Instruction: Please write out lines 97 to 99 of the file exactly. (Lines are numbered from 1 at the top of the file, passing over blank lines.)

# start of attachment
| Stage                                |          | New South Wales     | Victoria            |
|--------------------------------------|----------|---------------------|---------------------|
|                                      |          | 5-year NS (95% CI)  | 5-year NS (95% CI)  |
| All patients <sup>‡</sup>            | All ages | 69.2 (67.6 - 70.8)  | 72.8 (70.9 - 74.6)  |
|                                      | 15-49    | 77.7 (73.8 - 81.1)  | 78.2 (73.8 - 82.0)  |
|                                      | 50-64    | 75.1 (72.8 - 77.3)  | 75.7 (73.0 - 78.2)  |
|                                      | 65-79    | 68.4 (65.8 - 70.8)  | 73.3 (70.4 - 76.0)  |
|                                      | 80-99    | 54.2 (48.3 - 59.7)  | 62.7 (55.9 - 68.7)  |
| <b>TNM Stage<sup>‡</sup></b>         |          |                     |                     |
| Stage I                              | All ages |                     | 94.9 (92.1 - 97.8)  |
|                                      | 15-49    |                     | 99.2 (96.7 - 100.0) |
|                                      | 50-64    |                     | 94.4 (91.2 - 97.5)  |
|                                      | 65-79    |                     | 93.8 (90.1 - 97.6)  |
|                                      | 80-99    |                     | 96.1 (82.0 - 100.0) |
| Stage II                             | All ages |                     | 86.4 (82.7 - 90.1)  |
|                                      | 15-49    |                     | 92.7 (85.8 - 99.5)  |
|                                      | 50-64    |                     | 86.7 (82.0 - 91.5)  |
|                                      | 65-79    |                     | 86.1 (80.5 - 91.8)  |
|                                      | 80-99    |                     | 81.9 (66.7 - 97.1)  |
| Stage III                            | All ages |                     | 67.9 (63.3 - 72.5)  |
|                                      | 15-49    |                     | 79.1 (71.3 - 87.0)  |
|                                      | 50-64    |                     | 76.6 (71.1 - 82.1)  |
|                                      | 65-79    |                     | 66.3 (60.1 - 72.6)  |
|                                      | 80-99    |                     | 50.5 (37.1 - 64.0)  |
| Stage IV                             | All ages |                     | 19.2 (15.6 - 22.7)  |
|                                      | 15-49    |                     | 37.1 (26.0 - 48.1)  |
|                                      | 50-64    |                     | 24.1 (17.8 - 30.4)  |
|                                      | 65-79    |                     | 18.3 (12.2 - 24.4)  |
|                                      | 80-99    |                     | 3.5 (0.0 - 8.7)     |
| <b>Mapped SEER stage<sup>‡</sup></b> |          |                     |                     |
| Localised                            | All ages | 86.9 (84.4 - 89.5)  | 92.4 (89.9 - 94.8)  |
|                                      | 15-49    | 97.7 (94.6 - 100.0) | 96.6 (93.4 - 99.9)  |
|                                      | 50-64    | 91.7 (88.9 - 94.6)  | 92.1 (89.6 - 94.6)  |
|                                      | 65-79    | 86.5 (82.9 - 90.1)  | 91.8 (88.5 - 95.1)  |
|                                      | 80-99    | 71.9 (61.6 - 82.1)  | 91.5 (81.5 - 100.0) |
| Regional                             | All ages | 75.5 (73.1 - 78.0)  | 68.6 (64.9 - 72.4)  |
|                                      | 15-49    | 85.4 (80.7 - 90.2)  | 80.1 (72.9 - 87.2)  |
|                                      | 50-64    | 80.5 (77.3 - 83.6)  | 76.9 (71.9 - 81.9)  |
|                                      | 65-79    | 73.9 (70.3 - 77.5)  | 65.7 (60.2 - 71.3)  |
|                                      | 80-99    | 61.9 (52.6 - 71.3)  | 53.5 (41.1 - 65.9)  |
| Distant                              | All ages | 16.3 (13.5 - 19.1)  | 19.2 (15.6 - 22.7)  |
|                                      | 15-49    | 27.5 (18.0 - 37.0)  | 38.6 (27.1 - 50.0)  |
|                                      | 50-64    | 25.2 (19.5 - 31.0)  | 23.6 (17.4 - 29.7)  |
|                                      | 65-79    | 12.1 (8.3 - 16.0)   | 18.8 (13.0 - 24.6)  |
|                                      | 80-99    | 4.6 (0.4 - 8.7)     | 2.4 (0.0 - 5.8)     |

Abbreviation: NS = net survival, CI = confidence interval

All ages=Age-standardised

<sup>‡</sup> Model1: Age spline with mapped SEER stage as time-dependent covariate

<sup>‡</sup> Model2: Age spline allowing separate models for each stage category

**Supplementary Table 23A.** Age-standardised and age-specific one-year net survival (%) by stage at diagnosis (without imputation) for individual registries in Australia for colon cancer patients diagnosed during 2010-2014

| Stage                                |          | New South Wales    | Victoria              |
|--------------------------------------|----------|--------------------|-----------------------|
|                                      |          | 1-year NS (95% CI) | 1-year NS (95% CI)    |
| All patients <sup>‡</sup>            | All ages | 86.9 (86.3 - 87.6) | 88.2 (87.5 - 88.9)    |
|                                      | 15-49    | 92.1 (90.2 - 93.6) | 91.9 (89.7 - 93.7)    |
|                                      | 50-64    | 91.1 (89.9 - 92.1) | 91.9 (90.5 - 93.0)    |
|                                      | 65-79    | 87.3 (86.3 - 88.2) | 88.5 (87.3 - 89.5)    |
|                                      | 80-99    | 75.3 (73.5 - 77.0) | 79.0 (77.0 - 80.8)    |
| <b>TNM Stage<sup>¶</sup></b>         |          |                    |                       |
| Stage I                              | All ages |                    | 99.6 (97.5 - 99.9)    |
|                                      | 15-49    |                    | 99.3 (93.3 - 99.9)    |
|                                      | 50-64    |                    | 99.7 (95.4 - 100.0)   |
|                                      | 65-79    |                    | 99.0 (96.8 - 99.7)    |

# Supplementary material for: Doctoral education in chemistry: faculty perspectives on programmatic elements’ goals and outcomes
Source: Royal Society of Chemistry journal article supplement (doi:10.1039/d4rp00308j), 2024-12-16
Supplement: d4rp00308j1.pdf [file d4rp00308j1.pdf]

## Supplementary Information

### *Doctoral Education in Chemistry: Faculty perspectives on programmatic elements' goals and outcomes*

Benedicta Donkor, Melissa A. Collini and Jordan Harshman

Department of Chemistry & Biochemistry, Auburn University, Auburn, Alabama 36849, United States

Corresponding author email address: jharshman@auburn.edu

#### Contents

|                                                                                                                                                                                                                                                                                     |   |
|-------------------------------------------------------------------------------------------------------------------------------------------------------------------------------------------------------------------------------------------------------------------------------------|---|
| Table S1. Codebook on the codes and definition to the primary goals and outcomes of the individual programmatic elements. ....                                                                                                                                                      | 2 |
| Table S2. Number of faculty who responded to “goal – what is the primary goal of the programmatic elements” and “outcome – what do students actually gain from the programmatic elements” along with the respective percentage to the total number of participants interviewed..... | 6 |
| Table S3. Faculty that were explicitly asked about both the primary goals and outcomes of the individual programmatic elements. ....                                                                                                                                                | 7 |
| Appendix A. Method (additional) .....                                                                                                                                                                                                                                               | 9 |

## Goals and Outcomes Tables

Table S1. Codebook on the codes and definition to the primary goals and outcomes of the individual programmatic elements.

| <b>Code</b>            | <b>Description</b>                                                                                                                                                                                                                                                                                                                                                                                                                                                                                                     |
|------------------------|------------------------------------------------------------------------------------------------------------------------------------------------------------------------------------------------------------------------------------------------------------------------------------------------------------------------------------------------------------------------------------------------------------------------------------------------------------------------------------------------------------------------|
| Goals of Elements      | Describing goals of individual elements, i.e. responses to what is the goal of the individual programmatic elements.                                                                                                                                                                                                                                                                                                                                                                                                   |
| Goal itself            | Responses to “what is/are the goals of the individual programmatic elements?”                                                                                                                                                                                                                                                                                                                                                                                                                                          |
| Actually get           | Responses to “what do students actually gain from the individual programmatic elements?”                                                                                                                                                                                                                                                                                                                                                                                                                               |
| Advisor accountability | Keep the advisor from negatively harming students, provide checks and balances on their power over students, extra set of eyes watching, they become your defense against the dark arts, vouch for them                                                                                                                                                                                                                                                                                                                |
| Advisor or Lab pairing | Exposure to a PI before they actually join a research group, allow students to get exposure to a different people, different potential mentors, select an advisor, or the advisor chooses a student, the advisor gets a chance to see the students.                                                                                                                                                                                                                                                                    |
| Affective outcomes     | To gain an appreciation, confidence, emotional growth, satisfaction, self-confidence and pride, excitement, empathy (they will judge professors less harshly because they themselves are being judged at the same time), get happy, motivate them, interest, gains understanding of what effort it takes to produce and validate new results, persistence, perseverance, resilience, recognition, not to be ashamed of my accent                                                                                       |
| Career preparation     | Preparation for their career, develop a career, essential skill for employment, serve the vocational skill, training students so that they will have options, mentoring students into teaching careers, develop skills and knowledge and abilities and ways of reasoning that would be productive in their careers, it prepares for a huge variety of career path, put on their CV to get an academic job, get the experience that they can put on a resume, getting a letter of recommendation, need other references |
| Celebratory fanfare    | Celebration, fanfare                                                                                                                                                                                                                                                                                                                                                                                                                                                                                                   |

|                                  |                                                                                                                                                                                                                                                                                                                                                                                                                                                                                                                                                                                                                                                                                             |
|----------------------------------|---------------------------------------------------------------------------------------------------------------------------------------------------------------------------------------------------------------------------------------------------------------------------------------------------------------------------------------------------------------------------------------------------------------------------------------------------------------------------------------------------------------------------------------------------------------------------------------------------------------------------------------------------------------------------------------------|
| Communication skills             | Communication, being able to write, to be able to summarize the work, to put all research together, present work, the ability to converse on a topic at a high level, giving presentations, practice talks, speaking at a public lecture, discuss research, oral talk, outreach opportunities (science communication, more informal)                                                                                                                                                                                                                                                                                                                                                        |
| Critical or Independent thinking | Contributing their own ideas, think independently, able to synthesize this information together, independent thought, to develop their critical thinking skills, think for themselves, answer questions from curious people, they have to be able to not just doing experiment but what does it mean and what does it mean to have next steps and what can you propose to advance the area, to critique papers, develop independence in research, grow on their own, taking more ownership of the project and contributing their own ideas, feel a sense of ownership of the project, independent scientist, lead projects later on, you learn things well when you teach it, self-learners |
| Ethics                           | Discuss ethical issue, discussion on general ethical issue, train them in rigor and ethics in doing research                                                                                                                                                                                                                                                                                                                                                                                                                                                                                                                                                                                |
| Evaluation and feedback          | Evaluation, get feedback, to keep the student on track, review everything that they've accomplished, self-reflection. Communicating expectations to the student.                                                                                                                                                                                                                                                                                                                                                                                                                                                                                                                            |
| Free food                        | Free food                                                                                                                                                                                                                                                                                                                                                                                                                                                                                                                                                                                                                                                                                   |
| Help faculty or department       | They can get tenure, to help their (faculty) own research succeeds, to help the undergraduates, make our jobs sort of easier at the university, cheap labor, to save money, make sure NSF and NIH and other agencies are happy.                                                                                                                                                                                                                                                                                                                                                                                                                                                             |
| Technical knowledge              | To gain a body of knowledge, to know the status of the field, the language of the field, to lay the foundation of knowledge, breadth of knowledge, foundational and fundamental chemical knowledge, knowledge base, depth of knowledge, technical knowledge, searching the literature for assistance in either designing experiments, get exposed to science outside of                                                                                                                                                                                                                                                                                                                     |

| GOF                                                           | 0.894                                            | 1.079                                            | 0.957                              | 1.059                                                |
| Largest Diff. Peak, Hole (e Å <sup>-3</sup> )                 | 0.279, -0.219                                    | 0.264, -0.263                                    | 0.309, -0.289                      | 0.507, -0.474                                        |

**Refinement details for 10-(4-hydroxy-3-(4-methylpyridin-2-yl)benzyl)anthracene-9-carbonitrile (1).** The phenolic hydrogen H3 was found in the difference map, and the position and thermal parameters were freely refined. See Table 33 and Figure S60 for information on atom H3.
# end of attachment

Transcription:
| Free food                        | Free food                                                                                                                                                                                                                                                                                                                                                                                                                                                                                                                                                                                                                                                                                   |
| Help faculty or department       | They can get tenure, to help their (faculty) own research succeeds, to help the undergraduates, make our jobs sort of easier at the university, cheap labor, to save money, make sure NSF and NIH and other agencies are happy.                                                                                                                                                                                                                                                                                                                                                                                                                                                             |
| Technical knowledge              | To gain a body of knowledge, to know the status of the field, the language of the field, to lay the foundation of knowledge, breadth of knowledge, foundational and fundamental chemical knowledge, knowledge base, depth of knowledge, technical knowledge, searching the literature for assistance in either designing experiments, get exposed to science outside of                                                                                                                                                                                                                                                                                                                     |